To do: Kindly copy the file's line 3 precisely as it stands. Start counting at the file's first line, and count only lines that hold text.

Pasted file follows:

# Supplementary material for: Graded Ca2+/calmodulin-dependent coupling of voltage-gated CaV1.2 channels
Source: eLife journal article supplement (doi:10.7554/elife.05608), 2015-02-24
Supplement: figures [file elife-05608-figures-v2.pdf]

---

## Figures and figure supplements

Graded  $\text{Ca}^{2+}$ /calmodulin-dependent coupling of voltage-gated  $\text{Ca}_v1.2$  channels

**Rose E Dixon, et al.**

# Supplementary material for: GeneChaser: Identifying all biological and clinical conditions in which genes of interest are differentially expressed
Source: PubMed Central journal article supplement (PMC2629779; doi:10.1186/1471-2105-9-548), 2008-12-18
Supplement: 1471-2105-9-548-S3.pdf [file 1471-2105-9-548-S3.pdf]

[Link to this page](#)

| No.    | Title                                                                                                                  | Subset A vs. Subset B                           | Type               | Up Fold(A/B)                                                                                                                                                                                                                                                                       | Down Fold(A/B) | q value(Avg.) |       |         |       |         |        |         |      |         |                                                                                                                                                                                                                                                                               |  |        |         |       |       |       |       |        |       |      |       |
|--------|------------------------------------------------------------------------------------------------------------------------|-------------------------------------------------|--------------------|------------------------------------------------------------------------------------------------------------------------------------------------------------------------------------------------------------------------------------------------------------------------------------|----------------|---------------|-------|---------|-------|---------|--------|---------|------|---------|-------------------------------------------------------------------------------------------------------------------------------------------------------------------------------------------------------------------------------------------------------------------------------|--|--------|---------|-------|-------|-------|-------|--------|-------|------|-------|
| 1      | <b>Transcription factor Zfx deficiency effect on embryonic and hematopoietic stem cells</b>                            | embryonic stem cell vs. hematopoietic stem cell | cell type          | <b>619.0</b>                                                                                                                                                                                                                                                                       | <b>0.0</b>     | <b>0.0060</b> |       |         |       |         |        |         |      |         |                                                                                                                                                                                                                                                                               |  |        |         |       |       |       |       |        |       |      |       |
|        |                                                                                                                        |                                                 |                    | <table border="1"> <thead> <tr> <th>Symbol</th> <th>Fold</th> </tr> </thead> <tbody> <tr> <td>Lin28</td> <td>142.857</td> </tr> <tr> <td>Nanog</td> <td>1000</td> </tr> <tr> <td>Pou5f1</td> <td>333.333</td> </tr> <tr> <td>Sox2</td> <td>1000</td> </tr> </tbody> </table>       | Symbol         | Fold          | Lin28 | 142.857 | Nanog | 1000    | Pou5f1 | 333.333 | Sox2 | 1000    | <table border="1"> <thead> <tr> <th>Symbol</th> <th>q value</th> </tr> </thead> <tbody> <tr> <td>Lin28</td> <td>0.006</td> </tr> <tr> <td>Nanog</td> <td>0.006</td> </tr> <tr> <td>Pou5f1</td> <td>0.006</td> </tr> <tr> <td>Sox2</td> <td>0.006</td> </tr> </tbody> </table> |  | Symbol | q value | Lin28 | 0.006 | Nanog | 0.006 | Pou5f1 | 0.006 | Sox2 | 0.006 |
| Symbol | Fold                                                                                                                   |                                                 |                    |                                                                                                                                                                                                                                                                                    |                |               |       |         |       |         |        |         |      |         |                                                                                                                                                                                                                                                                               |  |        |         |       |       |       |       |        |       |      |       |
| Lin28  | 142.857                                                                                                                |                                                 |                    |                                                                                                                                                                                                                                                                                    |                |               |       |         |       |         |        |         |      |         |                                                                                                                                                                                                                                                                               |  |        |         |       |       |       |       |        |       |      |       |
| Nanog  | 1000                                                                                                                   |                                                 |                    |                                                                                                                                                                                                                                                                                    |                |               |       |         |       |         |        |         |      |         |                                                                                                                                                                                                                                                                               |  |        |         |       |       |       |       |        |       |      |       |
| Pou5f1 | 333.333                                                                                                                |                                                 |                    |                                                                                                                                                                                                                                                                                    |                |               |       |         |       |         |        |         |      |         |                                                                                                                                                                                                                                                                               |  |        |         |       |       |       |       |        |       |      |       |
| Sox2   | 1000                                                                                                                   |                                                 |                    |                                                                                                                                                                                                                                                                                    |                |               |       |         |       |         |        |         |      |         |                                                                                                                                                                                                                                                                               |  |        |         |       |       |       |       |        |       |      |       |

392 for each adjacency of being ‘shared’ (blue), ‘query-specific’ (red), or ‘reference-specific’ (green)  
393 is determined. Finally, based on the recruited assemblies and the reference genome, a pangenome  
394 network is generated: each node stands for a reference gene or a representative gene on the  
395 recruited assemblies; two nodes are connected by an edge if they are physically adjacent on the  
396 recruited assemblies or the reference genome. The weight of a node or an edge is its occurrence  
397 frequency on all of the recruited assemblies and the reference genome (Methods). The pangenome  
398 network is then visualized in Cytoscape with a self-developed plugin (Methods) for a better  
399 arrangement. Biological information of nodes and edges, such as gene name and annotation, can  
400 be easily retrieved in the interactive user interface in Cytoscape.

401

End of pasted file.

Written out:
Supplement: figures [file elife-05608-figures-v2.pdf]